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Canada's Minister of State for Finance Ted Menzies speaks during Question Period in the House of Commons on Parliament Hill in Ottawa October 22, 2012.CHRIS WATTIE/Reuters

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In the 2004 election campaign, Joe Clark singled out Ted Menzies as one of the few Conservative candidates the former Progressive Conservative leader was willing to support. But given Mr. Clark's loathing of the new Conservative Party and its leader, Stephen Harper, Mr. Menzies declined the offer, and won the riding of Macleod on his own.

Now the Minister of State for Finance has announced he will not be running in 2015 and wishes to be removed from cabinet, so that he can focus on helping flood victims in his riding. Mr. Menzies' decision is a loss for the Conservative Party. And it marks another milestone in the passing of the Tory tradition in Canadian politics.

Ted Menzies, Lee Richardson and Jim Prentice were all Alberta Progressive Conservatives who supported their party's merger with the Canadian Alliance and who ran under the new Conservative Party's banner. Mr. Prentice left politics in 2010; Mr. Richardson resigned his seat last year; when Mr. Menzies goes, there will be no more Alberta MPs who were former PCs.

Although not all Progressive Conservatives were Tories, most Tories were Progressive Conservatives. In Canada, Toryism traditionally meant support for the British monarchy; a mildly conservative approach to fiscal policy; a progressive approach to social policy, but based more on noblesse oblige than on a commitment to equality; a bias toward preserving community values over promoting individual liberties; a tendency to favour the cautious and incremental over the bold and experimental.

This definition is hardly exact. As David Smith, a leading Canadian authority on political parties, observed in an interview, Tory prime ministers created a national public broadcaster, brought women and minorities into cabinet and introduced Canada's first bill of rights.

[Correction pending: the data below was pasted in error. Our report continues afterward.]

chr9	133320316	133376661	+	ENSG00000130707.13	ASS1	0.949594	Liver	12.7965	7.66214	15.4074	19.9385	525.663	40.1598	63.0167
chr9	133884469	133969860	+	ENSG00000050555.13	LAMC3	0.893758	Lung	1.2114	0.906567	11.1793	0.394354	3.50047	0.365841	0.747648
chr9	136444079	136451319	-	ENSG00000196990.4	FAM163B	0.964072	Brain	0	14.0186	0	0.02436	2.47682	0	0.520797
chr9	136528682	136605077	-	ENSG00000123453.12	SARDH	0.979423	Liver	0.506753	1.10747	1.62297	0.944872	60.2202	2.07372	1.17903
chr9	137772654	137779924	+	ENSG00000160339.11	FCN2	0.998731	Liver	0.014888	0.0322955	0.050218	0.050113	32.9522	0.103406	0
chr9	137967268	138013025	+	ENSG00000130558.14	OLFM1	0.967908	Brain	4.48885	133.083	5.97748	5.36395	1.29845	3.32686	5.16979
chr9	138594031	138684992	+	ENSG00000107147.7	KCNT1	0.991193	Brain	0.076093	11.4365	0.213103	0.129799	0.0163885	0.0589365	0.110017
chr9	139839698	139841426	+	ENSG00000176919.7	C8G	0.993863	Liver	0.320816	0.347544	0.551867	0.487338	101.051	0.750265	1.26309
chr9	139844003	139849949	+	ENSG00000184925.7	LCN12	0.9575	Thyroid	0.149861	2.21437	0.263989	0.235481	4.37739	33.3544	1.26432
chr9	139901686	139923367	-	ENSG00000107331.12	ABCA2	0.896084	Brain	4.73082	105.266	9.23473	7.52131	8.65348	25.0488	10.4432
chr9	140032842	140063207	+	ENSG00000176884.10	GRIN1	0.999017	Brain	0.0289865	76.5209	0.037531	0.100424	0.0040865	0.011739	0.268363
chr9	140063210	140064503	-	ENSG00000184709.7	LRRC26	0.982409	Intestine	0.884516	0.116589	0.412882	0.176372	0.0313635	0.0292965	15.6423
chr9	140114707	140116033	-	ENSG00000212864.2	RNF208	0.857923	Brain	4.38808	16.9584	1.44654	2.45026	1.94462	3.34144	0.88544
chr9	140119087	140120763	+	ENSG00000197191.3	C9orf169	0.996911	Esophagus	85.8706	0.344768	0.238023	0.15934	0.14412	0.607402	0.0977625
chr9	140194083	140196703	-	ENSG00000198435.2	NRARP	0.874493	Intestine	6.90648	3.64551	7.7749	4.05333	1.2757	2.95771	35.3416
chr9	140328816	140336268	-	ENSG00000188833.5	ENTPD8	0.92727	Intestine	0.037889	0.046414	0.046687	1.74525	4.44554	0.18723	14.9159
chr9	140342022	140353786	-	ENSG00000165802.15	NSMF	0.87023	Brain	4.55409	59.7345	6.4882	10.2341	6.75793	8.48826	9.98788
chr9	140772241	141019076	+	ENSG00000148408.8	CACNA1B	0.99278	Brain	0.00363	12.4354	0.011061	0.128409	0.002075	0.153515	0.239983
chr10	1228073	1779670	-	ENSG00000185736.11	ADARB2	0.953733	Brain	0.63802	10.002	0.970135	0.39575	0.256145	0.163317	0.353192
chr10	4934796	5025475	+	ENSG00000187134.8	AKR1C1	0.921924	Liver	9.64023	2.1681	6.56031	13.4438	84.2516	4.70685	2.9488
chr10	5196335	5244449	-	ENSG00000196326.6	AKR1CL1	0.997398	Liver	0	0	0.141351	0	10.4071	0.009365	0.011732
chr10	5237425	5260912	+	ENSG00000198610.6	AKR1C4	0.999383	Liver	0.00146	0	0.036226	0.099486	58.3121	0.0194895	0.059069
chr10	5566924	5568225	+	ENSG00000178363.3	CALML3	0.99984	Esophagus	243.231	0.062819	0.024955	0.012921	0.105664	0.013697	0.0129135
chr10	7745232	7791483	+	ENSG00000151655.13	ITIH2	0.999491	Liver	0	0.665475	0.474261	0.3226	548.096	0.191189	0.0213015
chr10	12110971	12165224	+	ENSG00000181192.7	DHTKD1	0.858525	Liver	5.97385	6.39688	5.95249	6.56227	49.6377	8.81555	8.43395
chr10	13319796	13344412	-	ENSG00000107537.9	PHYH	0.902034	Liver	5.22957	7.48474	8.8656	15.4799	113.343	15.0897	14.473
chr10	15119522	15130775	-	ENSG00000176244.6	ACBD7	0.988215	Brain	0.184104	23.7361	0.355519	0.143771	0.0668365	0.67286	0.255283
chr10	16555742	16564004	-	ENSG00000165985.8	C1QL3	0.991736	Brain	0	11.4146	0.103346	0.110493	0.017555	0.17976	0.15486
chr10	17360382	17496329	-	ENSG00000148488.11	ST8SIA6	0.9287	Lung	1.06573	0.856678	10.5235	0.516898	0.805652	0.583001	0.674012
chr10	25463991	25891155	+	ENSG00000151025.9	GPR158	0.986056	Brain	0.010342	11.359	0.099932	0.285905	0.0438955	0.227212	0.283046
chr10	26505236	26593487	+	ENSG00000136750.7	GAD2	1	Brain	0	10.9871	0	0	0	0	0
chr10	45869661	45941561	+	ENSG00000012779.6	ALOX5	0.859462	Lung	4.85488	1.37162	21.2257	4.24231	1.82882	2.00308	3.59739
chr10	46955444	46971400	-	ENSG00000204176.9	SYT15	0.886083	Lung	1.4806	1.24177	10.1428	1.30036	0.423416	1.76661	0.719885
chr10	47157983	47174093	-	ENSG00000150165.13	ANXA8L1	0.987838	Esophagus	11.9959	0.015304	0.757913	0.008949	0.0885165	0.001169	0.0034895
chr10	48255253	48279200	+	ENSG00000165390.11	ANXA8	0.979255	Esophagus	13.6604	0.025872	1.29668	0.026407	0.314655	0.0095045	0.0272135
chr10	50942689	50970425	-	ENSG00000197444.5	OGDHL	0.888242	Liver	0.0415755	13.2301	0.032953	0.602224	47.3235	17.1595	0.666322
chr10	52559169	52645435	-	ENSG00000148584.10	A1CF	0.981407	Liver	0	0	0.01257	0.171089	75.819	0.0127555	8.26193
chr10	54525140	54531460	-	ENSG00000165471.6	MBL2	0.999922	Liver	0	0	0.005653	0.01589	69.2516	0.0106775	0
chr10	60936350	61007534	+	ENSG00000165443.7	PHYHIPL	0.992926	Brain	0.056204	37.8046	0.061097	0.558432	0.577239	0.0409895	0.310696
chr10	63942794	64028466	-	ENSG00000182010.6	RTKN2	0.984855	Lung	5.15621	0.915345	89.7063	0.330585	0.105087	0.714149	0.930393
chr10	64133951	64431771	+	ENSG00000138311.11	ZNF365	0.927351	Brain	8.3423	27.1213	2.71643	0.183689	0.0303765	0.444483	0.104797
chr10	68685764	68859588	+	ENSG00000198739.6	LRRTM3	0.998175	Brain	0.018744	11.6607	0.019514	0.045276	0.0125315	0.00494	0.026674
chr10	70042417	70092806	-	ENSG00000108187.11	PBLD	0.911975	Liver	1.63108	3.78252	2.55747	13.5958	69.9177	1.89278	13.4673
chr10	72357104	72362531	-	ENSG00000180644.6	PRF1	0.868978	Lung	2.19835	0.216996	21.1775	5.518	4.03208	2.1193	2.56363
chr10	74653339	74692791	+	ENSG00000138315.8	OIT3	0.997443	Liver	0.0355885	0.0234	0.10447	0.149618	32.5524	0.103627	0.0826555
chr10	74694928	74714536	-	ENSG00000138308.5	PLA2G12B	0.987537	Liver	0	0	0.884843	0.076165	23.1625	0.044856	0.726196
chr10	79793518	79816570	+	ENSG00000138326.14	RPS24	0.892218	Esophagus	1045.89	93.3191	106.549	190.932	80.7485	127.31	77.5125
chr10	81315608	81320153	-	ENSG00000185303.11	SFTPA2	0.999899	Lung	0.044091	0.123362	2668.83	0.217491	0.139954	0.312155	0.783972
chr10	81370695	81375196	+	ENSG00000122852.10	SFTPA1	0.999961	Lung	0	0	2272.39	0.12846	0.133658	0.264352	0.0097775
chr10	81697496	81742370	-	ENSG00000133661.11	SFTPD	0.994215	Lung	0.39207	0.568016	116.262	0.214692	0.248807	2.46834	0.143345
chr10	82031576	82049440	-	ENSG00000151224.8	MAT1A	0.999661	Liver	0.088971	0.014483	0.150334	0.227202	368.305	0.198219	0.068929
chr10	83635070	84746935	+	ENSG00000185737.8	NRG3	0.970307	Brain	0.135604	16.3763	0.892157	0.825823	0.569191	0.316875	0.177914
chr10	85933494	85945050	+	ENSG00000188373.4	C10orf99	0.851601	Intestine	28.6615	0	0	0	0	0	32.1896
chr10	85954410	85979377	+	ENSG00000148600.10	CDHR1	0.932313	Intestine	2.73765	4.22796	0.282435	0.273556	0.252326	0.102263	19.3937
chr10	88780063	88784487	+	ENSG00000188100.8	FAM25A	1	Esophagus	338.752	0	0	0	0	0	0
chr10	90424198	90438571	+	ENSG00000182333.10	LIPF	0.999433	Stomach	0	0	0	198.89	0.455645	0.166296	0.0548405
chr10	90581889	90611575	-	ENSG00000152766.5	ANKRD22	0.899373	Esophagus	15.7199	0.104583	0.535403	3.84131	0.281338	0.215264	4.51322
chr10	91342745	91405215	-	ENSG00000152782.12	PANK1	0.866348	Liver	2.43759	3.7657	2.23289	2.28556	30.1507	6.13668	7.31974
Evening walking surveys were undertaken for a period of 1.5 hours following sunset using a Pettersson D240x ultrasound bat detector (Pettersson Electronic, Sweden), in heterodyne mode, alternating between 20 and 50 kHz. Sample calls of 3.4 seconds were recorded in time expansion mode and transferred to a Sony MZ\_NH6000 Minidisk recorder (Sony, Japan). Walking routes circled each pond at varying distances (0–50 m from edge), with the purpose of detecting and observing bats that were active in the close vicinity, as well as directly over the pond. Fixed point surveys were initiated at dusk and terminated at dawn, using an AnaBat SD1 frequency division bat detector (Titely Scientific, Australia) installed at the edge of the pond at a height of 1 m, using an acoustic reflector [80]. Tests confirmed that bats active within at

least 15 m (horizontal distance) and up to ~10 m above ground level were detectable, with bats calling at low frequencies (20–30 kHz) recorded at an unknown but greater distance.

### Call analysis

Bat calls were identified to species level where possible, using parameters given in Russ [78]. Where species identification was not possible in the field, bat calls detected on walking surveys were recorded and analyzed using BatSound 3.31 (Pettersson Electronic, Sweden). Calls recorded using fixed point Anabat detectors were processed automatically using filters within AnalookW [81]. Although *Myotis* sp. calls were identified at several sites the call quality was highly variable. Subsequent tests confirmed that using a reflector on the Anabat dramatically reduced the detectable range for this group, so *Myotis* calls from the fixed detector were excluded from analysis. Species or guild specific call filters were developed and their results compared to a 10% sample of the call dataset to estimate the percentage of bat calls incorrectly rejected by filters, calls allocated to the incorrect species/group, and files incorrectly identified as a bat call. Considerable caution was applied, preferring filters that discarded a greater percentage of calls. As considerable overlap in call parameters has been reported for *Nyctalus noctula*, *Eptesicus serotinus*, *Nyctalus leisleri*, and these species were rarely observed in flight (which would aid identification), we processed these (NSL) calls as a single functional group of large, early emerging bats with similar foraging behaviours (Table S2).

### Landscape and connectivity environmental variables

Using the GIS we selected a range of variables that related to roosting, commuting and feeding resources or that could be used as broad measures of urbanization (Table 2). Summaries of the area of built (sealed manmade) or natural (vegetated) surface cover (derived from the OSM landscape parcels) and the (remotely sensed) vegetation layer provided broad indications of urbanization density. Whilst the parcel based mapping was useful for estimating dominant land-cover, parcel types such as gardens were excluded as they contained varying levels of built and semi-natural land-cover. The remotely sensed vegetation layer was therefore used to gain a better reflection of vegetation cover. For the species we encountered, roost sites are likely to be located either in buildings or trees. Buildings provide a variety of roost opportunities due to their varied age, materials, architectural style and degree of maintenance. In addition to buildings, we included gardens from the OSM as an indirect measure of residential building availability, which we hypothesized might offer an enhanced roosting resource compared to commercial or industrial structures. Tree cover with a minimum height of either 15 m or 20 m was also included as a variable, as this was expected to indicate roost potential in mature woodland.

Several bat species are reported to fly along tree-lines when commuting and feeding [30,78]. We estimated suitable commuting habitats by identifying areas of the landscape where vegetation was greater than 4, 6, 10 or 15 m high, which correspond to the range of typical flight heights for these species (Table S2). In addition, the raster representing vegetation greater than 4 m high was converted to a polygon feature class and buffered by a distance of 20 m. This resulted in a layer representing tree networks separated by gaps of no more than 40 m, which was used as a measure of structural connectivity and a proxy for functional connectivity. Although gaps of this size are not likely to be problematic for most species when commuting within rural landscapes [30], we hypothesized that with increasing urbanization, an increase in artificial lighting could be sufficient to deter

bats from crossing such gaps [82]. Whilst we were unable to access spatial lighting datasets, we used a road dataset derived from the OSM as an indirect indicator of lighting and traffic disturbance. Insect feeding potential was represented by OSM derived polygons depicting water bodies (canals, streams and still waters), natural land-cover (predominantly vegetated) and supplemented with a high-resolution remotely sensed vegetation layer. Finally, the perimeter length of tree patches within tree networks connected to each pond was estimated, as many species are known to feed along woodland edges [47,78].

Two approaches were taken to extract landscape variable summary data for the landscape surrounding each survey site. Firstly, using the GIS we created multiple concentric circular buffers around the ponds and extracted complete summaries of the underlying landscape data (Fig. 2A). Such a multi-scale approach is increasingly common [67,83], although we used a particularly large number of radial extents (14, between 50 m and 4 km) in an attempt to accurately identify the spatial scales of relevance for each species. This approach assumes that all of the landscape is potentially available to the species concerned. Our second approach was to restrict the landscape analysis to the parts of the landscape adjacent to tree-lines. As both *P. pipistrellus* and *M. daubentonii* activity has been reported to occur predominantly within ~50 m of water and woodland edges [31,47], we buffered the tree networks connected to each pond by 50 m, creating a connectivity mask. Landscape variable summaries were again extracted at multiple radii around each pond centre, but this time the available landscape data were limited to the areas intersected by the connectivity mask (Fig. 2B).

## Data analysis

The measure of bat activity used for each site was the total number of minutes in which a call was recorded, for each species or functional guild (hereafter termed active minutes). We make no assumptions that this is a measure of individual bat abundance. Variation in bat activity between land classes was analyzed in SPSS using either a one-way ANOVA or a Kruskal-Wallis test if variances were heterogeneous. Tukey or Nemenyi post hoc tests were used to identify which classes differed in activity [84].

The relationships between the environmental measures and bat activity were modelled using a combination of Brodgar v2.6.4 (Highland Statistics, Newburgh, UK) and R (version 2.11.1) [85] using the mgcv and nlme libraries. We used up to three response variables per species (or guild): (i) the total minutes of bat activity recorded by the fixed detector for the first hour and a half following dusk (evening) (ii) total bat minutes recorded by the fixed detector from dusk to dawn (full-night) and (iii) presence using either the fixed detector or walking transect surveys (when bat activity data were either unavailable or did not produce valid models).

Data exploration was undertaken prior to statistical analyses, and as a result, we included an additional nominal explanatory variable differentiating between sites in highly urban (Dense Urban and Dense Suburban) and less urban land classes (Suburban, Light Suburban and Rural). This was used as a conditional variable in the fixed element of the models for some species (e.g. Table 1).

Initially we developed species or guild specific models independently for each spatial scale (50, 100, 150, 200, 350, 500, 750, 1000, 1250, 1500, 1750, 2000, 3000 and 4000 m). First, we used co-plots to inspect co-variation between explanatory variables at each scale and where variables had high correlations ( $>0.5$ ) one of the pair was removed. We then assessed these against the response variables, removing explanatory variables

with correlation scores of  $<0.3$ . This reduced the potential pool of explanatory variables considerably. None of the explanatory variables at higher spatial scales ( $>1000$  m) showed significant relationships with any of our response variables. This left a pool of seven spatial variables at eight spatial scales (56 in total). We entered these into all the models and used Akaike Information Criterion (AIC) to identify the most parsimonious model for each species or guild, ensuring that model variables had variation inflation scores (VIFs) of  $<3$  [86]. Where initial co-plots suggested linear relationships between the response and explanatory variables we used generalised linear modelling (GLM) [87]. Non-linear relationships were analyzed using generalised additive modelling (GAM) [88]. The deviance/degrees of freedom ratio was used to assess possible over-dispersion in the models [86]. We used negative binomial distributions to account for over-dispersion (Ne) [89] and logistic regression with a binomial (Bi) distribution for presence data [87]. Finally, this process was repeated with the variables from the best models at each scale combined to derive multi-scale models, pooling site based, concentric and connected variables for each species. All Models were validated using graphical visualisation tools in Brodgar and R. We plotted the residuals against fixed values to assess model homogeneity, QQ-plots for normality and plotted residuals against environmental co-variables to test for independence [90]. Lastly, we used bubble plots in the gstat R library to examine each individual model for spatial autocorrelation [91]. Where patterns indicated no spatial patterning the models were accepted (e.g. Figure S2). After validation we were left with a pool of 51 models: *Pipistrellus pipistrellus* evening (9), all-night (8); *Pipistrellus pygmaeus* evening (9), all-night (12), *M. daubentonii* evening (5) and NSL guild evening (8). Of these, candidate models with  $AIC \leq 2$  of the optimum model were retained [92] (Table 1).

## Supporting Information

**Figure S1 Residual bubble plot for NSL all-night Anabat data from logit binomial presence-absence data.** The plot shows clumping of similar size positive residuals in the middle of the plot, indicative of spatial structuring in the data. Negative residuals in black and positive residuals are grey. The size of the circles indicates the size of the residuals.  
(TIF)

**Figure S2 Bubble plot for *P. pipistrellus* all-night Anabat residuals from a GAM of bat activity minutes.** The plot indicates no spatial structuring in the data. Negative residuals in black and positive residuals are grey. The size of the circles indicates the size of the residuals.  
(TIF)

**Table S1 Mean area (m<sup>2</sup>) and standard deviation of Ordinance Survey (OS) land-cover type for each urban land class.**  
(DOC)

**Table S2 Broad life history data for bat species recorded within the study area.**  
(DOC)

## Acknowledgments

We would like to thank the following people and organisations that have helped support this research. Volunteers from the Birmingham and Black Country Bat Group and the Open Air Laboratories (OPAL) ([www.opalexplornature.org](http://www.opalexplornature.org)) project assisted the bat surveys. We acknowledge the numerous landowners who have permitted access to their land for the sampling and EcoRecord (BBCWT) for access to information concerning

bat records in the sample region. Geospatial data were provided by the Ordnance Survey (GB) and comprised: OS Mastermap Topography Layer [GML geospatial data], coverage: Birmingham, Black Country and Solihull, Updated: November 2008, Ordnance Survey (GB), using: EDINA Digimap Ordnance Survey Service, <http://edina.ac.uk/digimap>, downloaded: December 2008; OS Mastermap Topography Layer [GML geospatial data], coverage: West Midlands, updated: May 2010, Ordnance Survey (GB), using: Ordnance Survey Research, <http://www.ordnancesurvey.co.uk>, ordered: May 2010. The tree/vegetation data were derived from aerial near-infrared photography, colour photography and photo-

In truth, apart from a general Tory incomprehension of Quebec, it was hard to distinguish Progressive Conservative governments from Liberal governments. Both were part of the postwar social and economic consensus that saw Republicans acting like Democrats and Conservatives embracing the policies of Labour.

In Canada in the 1990s, the Tory tradition as represented by the Progressive Conservative Party was eclipsed by a rising Western conservative populism embodied by the Reform and Canadian Alliance parties.

After the Alliance absorbed the enfeebled Progressive Conservatives, Mr. Menzies offered a good example of the Tory minority among the Reform/Alliance majority.

He lacks the extreme partisan zeal – or bile – that animates Conservative true believers. Though fiscally conservative – he is, after all, an Alberta farmer – he is a moderate on social issues. Personally, he is well liked and respected – within caucus, across the aisle and in the press gallery – for his balanced and good-humoured (on most days) approach to his job.

With his departure, the Tory remnants within the Conservative caucus are largely confined to a few Ontario and Maritime ridings. Peter MacKay is their most visible spokesman. The Defence Minister is currently fighting to preserve a rule in the party's constitution that ensures each riding casts an equal number of votes when choosing the next Conservative leader, a policy that amplifies what is left of the Tory voice within the party.

If and when Stephen Harper does step down, however, the contest to replace him will not pit Tories against Reformers. There are too few Tories left to mount such a challenge.

But though the Tory tradition is disappearing, the Tory legacy remains. The impetus toward consensus is still part of the nation's DNA. For Prof Smith, that impetus comes out of the Tory tradition, stretching back to John A. Macdonald. "It has been going on for a very long time," he observes.

Stephen Harper is no Tory, but he often governs like one. He avoids the extremes of cultural conservatism. While his rhetoric may sometimes be fierce, he favours a cautious, incremental approach to governing. He is Tory in deed if not in word.

Tough economic times are polarizing politics between economic conservatives and economic progressives, at the expense of middle-of-the-roaders. Western conservatives, in combination with suburban voters in central Canada, now occupy the right side of that divide.

But the Tory impulse toward caution, its concern for precedent over innovation, its urge toward consensus, is still a part of the Canadian polity.

In a couple of years, Ted Menzies will be gone from Ottawa. But the Tory tradition he embraced will not soon be forgotten.